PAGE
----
Ed Coleman's history: A failed attempt to harvest Fundy tides

Published on January 29, 2014

An artist’s conception of how turbines would be installed at the foot of Cape Split to generate electricity from Fundy tides.  - Submitted

You may think it’s déjà vu all over again if you heard that a tidal power project is proposed for the Bay of Fundy near Cape Split.

It’s another attempt, since developing tidal energy by harnessing the awesome Fundy tides has been tried before, the last time about a century ago; in 1916, to be exact, and personnel at Acadia University were involved.  There are mysterious hints as well that plans to harness the Fundy tides, on paper at least, were developed even earlier, in 1908. 

In 1916, a group called the Cape Split Development Company announced its formation; its grand plan was to generate power using unique turbines invented by Acadia University engineering professor, Ralph C. Clarkson.  Partnering with Clarkson was Acadia president Dr. George B. Cutten, a man who, like Clarkson, was obsessed with harnessing the Fundy tides. Joining them from Acadia were Dr. William L. Archibald, Professor Alexander Sutherland and, from Wolfville, former mayor T. L. Harvey.

Clarkson’s invention, a unique tide-generated turbine he patented as the Clarkson Current Motor, was the key ingredient in harnessing Fundy’s tides. Once accomplished, the power generated was forecast to supply unlimited electric power for the entire province and, potentially, for all of the Maritimes. Clarkson’s motor was tested first by engineers in the States and then on the Gaspereau River and was found to be workable.  

The general plan, outlined in the company’s prospectus and expounded on in publicity releases, was to use a combination of four Clarkson motors on the sea bed to power generators, which, in turn, would pump seawater into 200-million-litre power generating holding tanks at the top of Cape Split. With the Clarkson motor apparently proving capable of the job, the Cape Split Development Company purchased land needed for the holding tanks and generating facilities.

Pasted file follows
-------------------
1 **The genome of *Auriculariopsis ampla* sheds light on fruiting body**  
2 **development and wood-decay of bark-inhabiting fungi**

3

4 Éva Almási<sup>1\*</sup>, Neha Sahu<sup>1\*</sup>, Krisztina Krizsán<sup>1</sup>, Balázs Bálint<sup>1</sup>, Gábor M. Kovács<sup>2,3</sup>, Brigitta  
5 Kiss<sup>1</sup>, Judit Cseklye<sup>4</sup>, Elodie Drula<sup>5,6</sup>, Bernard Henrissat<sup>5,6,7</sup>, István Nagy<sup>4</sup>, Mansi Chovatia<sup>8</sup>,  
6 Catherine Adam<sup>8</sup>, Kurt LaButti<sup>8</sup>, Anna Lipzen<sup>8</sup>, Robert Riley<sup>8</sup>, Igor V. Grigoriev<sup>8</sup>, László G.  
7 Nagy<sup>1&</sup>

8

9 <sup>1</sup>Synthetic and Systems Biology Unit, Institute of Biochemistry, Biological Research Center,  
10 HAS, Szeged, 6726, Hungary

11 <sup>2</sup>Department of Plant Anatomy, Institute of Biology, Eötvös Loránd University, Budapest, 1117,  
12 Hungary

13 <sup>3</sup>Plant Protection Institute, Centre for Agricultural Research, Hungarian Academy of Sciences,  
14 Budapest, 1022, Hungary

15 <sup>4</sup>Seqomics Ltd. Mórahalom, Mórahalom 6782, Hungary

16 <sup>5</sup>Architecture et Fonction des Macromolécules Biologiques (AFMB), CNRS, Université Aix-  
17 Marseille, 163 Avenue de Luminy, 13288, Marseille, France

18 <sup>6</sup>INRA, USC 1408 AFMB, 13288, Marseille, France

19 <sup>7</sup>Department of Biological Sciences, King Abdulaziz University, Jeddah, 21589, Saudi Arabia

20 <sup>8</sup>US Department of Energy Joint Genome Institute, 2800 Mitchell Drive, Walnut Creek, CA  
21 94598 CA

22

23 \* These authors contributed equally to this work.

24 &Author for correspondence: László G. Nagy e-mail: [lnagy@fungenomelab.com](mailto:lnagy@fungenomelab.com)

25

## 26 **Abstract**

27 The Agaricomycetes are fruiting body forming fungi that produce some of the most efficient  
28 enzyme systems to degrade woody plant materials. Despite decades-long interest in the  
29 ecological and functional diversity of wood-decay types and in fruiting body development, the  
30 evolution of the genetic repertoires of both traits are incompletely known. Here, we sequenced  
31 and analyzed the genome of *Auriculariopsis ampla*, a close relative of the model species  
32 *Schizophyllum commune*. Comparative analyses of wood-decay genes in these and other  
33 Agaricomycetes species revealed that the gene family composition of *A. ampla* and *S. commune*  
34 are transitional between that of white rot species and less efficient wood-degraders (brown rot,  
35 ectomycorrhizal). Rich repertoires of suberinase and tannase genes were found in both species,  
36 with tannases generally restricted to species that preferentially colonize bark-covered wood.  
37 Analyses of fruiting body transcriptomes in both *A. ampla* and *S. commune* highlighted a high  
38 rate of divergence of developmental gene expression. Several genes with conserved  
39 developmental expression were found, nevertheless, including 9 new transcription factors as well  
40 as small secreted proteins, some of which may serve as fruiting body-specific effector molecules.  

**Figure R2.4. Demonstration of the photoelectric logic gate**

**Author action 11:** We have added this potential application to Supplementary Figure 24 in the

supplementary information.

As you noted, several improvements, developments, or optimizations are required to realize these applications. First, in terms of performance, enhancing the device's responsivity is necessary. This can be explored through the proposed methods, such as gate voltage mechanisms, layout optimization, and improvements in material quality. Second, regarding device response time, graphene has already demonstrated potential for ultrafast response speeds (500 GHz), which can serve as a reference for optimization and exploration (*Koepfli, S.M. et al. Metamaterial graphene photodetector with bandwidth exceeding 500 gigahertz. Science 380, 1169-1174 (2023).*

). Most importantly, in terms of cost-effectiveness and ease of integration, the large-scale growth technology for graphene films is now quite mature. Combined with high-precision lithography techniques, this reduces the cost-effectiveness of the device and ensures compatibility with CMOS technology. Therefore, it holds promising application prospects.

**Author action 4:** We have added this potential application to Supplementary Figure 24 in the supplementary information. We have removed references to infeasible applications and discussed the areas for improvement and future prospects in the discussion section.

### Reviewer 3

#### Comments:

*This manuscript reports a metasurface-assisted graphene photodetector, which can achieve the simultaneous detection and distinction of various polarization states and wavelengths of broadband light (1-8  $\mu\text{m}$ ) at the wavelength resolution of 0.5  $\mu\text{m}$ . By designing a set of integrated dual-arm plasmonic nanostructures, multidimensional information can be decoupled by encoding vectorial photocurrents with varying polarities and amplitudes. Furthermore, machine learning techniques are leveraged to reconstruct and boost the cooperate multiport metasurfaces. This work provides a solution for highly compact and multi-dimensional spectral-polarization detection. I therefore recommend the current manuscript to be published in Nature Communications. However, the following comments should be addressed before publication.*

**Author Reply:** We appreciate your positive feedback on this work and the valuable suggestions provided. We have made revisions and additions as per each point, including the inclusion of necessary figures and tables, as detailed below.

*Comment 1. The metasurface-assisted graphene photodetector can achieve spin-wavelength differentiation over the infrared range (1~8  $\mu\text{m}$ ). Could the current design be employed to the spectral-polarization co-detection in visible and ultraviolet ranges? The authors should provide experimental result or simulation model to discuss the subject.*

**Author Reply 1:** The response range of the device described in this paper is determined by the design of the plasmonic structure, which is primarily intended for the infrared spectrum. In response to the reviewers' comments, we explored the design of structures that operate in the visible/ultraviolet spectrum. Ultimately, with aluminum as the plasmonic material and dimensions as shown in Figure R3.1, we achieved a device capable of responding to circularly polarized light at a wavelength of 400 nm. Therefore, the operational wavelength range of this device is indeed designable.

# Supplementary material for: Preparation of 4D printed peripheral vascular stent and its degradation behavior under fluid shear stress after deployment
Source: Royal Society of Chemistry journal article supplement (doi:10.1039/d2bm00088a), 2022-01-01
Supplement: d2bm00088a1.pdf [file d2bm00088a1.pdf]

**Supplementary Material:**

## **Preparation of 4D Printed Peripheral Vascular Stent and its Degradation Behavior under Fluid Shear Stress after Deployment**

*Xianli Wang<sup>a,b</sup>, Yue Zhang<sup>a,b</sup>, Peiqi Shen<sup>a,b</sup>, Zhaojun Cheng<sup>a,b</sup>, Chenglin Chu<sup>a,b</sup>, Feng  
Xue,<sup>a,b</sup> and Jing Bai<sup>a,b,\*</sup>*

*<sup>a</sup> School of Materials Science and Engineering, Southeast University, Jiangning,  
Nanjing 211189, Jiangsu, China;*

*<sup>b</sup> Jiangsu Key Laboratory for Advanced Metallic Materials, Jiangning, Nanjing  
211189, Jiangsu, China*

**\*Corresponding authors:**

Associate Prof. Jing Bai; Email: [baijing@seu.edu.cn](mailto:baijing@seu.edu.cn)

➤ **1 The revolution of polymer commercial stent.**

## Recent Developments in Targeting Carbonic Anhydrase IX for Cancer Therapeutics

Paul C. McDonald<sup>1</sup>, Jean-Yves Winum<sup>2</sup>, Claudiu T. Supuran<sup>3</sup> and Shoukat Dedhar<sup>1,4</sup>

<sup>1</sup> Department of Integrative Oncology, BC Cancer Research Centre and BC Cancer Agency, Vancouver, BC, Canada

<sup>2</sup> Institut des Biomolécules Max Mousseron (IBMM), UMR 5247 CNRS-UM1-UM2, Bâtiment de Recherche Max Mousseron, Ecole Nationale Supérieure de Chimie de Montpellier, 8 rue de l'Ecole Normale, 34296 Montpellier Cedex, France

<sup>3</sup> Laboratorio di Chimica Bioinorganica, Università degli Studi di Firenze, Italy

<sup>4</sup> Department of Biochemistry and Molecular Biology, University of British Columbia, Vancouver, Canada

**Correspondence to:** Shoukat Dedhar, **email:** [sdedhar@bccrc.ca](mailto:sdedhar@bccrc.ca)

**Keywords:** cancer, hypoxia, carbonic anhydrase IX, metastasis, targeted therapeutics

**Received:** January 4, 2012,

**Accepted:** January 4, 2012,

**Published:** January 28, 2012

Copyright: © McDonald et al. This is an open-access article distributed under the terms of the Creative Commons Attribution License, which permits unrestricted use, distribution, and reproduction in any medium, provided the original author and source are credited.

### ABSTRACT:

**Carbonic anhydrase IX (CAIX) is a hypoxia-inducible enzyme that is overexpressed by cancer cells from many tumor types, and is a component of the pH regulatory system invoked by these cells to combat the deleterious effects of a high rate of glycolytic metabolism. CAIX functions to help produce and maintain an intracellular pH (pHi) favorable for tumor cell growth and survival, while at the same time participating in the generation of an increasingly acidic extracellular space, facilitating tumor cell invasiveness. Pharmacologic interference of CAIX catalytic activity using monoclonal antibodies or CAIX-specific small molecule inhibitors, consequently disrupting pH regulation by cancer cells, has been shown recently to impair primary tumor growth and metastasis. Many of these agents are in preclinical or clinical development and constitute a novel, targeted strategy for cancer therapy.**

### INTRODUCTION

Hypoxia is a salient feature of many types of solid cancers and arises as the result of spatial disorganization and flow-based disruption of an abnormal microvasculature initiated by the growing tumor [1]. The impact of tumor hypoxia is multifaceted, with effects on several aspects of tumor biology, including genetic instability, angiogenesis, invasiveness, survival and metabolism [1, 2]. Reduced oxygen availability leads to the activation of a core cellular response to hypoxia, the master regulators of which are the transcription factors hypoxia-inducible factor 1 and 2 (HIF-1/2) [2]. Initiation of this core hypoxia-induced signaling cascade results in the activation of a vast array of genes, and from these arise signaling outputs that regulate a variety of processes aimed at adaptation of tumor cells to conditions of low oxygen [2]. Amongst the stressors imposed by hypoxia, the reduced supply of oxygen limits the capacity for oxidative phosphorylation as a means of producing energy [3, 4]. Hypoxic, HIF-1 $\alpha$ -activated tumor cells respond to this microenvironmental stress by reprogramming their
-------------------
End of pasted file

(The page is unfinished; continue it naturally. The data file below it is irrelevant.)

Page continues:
The next step was an application to the government for a charter; this was granted immediately to the newly-named Bay of Fundy Tide Power Company, authorizing it to proceed with its project at Cape Split.

Everything was now ready for the tidal power project to proceed and only financing stood in the way. Clarkson and Cutten determined that the project would need financing to the tune $2.2 million. A financial campaign was started shortly after the project was announced.

Initially, the company raised $31,000 by selling shares, but the financial campaign wagon faltered. Despite the project’s huge potential, no more than the $31,000 was raised and the company, forced to admit its failure, became inactive. Eventually, it wound up its affairs, paying shareholders $4.41 for each $50 share they had purchased.

Cutten and Clarkson’s attempt to harness the Fundy tides wasn’t the first. Documents discovered decades ago at Acadia University, dated 1908, indicated that a grand plan was made to span the Bay of Fundy from Cape Split to Spencers Island, a distance of about five kilometres. Sketches in the document showed a causeway with dynamos that would generate electricity, along with a highway and train tracks. This may have been a “paper plan” only, since no other documents have been found indicating the project proceeded beyond this stage.